Elizabeth Dixon Neilson is a guest blogger, 2-time Mb4M Running Girl, and a fantastic Faux Thanksgiving party thrower. She is married to a tech dude, is raising two beautifully strong children, and is a multitasking teacher/runner/admissions reader/blogger/practitioner of yoga and amazing friend. Enjoy!
When I think about what Liza will go through during her surgery, it is hard not to clasp my hands at my heart. I hate that she will be in pain, that part of her body will be removed.
Think of that.
We’ve be inoculated, or cajoled, into numbness by medical terms like bilateral mastectomy. What would it be like to have part of your body removed? What if that part of your body was central to your identity—as a woman, and as a mother?
Whether we come to value our breasts as a result of our culture or our experiences as sexual or maternal creatures, I think most women would agree that it is difficult to see ourselves without them. And yet, in a matter of days, Liza will have her breasts removed and she will still be Liza.
It seems obvious, doesn’t it? And yet, there is a truth there that is elusive, at least in my day-to-day life. I more often define myself by how l look or what I do. I am a mother, an organizational freak, a non-vegetarian, a runner, a blogger, a size 10, a blonde, a mayor of some foursquare location. But, that stuff isn’t who I am. Not really.
Knowing that Liza will still be Liza after this surgery reveals that her true Self is not in that breast tissue or in particular body parts that have the potential to cause so much trouble. The true Self is unchanging. And yet, given how unreliable our physical bodies are, you would think we would spend a little more time trying to understand that non-material part of ourselves.
Last year, while my husband was on sabbatical, I earned my 200-hour teacher training in yoga. The curriculum included yogic philosophy, and we read one of the foundational texts of the practice, the Yoga Sutras, by Pantanjali. In it, he explains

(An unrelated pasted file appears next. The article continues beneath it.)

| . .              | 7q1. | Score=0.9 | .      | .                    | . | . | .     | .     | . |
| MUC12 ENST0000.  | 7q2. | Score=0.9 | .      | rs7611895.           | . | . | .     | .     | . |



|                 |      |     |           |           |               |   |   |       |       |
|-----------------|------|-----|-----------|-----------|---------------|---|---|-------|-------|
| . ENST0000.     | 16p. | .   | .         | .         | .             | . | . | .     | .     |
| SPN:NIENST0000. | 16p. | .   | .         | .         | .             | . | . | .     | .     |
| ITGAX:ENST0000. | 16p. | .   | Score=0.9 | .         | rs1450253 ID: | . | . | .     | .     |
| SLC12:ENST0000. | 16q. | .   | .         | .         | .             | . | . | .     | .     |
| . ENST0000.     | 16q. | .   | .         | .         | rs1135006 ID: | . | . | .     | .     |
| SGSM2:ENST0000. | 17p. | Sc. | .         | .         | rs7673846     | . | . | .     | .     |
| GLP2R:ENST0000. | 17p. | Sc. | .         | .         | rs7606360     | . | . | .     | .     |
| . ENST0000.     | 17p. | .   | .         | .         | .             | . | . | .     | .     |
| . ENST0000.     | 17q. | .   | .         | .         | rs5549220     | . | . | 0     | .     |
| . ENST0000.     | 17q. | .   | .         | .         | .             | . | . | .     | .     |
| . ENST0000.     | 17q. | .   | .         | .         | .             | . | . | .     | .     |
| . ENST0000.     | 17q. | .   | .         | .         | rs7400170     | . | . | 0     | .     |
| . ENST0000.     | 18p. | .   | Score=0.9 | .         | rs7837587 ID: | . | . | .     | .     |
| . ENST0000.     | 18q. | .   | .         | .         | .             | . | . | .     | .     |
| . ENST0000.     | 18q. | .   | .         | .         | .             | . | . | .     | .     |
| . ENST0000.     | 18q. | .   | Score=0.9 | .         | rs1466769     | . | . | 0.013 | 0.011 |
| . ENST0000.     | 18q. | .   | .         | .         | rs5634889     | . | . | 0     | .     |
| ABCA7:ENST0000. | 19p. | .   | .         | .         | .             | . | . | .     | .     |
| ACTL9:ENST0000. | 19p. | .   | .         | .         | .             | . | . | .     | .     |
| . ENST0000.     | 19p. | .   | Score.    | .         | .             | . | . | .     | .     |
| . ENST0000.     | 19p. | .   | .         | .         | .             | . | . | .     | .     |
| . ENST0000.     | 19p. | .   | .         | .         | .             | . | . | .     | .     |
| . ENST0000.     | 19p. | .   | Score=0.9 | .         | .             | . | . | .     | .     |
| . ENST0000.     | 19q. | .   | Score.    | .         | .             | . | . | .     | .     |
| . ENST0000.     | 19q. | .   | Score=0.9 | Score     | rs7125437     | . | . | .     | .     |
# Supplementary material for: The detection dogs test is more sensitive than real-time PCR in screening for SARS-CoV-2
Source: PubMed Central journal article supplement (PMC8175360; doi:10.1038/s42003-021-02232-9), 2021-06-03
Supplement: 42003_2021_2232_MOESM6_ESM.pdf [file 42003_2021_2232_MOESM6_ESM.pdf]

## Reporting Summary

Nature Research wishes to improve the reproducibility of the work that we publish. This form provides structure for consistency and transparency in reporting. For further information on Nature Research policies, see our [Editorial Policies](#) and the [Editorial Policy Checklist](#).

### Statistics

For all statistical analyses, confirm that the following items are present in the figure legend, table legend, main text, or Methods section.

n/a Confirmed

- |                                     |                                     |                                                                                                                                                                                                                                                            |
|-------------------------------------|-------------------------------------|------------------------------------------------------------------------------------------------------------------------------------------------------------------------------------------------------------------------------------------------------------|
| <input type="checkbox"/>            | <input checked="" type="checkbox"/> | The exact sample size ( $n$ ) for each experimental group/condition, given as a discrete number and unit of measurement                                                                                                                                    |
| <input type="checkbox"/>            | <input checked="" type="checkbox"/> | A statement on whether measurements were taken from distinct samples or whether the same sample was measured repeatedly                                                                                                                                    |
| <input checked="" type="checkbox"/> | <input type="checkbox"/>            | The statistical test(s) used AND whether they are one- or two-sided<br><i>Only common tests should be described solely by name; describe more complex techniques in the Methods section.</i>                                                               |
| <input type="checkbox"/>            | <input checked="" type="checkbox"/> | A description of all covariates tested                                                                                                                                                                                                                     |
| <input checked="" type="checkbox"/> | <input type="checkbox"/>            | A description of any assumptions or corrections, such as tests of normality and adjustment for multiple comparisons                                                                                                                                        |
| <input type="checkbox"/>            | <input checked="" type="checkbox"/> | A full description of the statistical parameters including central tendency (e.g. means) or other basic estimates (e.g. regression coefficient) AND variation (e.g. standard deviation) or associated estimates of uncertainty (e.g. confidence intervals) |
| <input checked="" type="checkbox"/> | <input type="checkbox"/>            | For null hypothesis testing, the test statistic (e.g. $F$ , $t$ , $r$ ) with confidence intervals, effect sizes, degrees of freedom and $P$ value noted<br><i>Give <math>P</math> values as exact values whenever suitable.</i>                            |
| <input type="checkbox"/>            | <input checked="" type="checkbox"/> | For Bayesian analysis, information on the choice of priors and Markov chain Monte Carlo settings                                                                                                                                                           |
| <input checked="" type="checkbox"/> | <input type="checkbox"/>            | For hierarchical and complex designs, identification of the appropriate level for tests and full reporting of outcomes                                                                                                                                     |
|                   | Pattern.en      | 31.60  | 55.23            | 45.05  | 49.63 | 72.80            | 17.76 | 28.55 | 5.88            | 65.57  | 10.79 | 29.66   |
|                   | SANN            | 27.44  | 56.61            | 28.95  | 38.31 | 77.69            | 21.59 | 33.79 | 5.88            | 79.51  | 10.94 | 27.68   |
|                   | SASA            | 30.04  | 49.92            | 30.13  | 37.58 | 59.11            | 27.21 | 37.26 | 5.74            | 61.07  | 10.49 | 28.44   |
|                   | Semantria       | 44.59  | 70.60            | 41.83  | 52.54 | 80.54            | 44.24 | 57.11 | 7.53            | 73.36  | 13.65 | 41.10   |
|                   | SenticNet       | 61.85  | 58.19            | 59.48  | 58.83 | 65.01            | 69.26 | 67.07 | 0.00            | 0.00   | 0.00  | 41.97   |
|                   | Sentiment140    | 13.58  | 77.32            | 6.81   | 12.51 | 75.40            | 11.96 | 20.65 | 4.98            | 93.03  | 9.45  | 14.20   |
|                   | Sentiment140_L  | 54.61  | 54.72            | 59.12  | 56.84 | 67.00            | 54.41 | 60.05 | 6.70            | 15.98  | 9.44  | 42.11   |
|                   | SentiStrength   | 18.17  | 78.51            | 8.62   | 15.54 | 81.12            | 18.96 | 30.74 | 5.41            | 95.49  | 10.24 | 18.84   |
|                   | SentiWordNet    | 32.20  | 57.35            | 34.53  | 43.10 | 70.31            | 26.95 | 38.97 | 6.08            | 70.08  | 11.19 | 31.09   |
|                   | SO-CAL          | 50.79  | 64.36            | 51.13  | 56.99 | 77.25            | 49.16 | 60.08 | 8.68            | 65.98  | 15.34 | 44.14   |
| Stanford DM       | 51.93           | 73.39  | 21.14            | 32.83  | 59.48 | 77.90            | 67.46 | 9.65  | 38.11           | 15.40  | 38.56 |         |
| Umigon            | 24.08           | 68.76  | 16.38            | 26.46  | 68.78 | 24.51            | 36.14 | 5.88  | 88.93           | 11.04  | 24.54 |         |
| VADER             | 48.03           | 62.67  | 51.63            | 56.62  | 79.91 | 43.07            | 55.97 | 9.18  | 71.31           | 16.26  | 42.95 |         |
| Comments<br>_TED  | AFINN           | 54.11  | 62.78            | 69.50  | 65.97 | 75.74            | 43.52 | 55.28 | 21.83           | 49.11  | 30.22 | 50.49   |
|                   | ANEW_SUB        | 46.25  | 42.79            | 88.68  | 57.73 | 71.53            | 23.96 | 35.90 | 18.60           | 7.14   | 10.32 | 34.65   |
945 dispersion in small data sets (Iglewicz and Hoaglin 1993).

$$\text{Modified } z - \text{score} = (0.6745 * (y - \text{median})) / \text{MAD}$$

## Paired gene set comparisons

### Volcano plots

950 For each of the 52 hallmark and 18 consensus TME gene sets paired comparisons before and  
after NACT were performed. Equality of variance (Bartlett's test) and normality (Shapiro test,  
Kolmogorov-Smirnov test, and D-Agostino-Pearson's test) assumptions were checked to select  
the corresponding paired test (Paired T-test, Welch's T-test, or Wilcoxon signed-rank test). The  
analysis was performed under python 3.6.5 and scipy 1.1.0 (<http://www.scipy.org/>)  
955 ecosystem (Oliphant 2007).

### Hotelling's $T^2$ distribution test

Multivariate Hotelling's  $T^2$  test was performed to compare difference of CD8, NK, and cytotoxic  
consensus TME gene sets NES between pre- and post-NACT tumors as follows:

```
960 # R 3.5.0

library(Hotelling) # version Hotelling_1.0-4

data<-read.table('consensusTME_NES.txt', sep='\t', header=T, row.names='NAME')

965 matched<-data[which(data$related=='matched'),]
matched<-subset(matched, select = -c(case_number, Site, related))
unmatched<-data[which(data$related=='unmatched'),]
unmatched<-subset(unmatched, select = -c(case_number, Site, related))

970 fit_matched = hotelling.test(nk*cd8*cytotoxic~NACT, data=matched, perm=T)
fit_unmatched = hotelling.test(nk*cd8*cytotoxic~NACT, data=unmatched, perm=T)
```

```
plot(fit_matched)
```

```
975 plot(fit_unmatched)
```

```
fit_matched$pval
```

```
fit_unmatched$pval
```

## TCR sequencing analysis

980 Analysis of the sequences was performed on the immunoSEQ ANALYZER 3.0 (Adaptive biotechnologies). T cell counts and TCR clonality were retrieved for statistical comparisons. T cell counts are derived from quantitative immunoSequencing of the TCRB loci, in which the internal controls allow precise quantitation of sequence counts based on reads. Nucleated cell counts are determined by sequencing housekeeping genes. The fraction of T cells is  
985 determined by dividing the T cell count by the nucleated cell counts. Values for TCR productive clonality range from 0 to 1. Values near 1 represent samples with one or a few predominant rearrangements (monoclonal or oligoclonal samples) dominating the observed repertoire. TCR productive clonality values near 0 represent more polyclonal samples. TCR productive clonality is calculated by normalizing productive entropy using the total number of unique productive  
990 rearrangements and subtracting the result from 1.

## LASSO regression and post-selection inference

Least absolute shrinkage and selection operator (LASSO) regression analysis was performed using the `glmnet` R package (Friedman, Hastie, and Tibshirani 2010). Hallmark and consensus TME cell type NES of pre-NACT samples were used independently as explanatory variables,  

“When something changes it can’t be the Self. For example, our own bodies are changing every second. Yet we make the body to be our Self; and, speaking in terms of it, we say, ‘I am hungry,’ or ‘I am lame’; ‘I am black’ or ‘I am white’. These are all just conditions and qualities of the body. We touch the truth when we say, ‘My body aches,’ implying that the body belongs to us and that therefore we are not that.”
We are not that. This is a body. This is my body. These are my breasts. They are different from when I was 10, 16, 23, pregnant, breast feeding, no longer breast feeding. And, they will change again when I grow old. These are the conditions and qualities of my body. I am constantly aware of my own physicality and, because of that, I can almost be tricked into believing I am that.
But when we are forced to face our own mortality, as Liza has been asked to do, the qualities and conditions of the body recede, and the true Self takes center stage. Obviously, this self may be defined in non-yogic terms. Some might refer to it as a Spirit, a Soul, or the Divine. If religion makes you squirmy, you could pick up the conversation in the scientific realm of transpersonal psychology. Whatever terms we use to examine this part of ourselves, it is a worthwhile pursuit.
It has been so amazing watching Liza’s journey. It is hard to imagine a more thoughtful, candid guide. When I think back over the last year, and the blog posts that made me laugh, cry, clutch my heart, shush my family as I read each line, I was forced to accept aspects of myself I was afraid to admit until I heard them in Liza’s voice. I realize she has been describing her true Self all along.
The goodness, the love, the unconditional acceptance, the honesty, the struggle, the extraordinary forward momentum — despite incredible odds against her — are Liza.
But in the loss of breasts, I see how much is left. And standing witness to this past year of reflection and movement has reawakened in me the desire to identify more with my true Self. Unlike the body, which sometimes fits in those jeans and sometimes doesn’t, knowing that the true Self is unchanging has significant implications for how we see ourselves.
So, thank you Liza. For illustrating with such grace that “we are not that” and for sharing that non-material self with all of us.
– Elizabeth Dixon Neilson